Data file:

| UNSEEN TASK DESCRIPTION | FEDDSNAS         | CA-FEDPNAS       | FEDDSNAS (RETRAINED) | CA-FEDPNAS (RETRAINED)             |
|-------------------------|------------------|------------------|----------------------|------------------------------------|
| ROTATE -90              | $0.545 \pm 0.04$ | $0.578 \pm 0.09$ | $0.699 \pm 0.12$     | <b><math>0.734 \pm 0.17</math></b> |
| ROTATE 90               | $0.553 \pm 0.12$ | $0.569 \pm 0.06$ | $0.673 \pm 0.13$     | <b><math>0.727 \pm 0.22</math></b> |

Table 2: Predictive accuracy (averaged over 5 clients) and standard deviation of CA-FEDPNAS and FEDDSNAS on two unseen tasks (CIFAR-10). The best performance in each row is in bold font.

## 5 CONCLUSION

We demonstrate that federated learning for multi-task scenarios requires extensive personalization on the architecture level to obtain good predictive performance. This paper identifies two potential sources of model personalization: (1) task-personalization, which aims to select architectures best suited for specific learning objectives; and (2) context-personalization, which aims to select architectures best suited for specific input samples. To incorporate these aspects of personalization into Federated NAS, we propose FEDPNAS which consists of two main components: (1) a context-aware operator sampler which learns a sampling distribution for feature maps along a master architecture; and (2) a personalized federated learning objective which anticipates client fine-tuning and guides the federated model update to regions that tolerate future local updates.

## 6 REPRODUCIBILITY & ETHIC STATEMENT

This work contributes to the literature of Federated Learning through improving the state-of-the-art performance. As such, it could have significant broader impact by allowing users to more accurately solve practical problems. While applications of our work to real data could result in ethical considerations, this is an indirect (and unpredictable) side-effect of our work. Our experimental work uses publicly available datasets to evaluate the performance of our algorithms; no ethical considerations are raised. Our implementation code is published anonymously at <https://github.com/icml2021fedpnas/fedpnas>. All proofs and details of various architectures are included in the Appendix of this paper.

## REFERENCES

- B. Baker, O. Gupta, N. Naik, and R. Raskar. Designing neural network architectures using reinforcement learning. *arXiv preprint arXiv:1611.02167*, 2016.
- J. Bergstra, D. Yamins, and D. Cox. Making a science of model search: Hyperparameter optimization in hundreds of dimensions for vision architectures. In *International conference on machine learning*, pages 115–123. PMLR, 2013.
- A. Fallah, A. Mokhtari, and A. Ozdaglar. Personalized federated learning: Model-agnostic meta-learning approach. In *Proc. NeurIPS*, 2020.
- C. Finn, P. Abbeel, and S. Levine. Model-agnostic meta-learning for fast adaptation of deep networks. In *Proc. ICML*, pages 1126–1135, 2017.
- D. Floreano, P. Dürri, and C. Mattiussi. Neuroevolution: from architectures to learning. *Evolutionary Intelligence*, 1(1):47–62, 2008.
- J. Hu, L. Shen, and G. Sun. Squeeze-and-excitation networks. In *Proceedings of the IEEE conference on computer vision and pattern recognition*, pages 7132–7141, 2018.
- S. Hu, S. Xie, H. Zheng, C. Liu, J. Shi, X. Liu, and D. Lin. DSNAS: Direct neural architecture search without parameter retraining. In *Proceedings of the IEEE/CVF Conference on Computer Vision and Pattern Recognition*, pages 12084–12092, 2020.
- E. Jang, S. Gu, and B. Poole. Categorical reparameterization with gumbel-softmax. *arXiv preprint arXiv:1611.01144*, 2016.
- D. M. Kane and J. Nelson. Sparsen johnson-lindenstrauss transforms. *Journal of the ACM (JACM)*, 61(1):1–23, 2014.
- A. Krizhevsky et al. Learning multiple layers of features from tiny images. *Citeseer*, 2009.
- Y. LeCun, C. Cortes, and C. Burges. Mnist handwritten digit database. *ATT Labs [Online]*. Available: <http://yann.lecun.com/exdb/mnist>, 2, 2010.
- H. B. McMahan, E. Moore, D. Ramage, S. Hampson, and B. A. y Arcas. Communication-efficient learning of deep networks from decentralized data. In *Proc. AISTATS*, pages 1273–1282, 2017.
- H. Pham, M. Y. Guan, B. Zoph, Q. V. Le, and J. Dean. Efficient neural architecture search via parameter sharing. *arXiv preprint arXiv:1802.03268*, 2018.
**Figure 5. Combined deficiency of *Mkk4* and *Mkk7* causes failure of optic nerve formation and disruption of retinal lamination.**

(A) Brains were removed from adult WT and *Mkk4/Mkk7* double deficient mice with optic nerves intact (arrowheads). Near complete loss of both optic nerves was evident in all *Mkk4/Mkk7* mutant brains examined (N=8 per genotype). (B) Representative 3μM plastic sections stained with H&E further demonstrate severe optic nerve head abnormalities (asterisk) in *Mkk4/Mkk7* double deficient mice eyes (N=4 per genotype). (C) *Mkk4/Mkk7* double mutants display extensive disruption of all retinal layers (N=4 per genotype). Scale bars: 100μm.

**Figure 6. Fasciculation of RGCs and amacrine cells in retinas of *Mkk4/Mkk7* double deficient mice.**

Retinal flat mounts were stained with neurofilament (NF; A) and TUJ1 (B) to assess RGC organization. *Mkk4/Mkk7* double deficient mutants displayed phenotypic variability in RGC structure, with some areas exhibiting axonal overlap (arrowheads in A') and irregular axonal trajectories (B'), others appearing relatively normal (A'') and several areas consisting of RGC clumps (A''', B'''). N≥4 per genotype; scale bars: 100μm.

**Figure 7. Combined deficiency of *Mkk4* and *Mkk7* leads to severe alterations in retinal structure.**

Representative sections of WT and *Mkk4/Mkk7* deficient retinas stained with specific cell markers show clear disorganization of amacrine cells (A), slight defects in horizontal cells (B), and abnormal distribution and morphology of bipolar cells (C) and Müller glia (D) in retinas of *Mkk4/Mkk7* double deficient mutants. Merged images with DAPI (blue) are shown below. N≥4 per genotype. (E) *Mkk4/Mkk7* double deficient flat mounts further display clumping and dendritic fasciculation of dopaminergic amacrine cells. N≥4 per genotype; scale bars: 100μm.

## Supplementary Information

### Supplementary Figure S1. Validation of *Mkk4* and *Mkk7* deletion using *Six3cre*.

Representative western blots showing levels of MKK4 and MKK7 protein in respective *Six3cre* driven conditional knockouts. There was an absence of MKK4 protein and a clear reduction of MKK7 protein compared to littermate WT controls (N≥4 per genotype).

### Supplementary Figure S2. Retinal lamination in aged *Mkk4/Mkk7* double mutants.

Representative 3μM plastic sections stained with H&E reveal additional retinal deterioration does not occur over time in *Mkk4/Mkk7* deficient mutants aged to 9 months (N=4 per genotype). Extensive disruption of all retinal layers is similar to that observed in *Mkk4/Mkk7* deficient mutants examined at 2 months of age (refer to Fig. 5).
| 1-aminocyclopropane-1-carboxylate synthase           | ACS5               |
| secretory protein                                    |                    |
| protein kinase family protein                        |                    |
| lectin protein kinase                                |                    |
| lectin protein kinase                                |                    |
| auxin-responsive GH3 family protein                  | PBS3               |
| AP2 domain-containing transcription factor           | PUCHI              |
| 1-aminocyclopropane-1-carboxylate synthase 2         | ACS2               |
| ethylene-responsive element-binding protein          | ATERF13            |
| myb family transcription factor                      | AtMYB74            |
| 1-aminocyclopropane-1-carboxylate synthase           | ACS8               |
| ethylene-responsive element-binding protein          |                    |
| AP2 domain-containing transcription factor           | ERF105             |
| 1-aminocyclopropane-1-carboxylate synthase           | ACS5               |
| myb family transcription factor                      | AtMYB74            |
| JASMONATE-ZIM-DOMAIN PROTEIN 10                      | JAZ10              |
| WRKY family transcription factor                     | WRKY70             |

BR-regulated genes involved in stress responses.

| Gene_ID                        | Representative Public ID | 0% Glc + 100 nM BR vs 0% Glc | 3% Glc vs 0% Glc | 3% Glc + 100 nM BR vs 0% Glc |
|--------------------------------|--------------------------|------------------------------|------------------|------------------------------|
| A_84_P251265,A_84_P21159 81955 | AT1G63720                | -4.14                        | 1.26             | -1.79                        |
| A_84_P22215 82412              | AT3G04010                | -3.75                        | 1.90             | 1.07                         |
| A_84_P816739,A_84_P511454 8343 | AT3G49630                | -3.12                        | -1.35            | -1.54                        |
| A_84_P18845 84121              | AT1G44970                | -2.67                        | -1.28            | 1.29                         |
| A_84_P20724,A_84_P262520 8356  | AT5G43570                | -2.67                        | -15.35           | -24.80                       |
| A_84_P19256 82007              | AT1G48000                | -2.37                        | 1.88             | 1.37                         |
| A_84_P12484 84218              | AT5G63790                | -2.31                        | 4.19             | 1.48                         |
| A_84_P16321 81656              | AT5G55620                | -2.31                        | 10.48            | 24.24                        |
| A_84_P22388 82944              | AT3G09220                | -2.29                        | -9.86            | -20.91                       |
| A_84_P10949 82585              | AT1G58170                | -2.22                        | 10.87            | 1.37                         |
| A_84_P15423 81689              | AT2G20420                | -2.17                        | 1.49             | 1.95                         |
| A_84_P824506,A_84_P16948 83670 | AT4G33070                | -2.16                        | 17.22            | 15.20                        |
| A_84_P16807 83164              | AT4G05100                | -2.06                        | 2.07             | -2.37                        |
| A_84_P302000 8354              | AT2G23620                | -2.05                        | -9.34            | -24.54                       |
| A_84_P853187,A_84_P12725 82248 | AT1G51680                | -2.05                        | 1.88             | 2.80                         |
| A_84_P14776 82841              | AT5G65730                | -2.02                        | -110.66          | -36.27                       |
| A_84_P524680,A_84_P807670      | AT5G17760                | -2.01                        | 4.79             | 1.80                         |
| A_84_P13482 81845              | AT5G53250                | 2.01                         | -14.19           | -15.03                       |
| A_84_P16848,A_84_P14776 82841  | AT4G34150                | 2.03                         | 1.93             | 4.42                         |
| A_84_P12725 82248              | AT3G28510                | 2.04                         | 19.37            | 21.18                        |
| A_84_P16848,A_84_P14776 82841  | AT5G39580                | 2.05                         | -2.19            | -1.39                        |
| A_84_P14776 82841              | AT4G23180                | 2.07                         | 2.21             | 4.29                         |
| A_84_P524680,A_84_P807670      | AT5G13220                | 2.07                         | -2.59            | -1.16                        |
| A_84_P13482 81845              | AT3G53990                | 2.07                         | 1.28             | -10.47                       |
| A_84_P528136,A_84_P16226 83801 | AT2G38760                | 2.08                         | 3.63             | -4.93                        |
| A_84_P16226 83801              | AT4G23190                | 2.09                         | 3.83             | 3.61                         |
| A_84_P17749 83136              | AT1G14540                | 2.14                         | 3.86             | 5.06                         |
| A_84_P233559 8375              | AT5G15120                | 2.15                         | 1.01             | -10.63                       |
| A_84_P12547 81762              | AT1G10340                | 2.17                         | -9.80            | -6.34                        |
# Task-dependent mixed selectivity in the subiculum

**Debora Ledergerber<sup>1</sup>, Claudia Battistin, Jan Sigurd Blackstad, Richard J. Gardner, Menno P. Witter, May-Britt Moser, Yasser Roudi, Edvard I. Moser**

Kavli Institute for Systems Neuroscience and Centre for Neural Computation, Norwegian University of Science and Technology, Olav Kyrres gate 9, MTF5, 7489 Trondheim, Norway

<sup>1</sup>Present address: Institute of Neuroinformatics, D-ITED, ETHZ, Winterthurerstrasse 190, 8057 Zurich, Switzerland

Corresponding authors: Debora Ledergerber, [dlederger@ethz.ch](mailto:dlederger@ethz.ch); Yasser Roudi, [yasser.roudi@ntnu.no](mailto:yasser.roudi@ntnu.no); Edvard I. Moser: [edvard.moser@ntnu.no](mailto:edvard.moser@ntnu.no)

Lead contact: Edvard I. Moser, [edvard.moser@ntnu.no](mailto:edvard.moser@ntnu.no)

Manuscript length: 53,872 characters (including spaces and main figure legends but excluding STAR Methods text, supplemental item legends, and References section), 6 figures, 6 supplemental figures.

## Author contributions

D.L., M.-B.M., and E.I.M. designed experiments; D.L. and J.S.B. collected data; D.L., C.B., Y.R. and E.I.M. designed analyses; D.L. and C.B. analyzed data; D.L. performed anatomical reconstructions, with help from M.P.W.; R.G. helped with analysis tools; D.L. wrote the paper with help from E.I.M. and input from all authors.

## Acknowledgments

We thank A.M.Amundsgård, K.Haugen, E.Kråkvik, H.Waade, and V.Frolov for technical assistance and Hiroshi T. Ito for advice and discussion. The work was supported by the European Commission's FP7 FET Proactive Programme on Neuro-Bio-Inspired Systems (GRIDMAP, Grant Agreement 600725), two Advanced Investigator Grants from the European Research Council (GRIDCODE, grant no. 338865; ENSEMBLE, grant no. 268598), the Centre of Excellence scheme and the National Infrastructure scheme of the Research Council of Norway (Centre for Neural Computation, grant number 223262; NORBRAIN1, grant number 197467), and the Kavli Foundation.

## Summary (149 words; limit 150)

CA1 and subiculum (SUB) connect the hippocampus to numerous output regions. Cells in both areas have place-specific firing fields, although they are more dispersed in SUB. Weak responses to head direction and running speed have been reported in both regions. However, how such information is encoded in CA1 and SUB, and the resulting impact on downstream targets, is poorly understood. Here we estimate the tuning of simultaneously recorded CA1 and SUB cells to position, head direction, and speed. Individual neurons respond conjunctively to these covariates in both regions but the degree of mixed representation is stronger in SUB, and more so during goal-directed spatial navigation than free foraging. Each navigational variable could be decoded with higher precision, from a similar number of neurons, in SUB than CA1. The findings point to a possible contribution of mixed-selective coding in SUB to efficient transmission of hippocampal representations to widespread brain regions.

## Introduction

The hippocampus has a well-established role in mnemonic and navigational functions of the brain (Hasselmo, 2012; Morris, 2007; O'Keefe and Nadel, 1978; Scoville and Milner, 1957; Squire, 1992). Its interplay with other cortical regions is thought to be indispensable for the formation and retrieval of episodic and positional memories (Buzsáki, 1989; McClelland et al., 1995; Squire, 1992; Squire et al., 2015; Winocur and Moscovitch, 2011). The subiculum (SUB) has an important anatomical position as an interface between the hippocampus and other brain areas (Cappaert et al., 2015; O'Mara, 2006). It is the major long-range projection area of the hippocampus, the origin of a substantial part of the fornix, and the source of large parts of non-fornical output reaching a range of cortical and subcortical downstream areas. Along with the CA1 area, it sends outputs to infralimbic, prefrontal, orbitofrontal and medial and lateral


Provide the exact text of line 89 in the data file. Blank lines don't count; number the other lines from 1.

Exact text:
Lead contact: Edvard I. Moser, [edvard.moser@ntnu.no](mailto:edvard.moser@ntnu.no)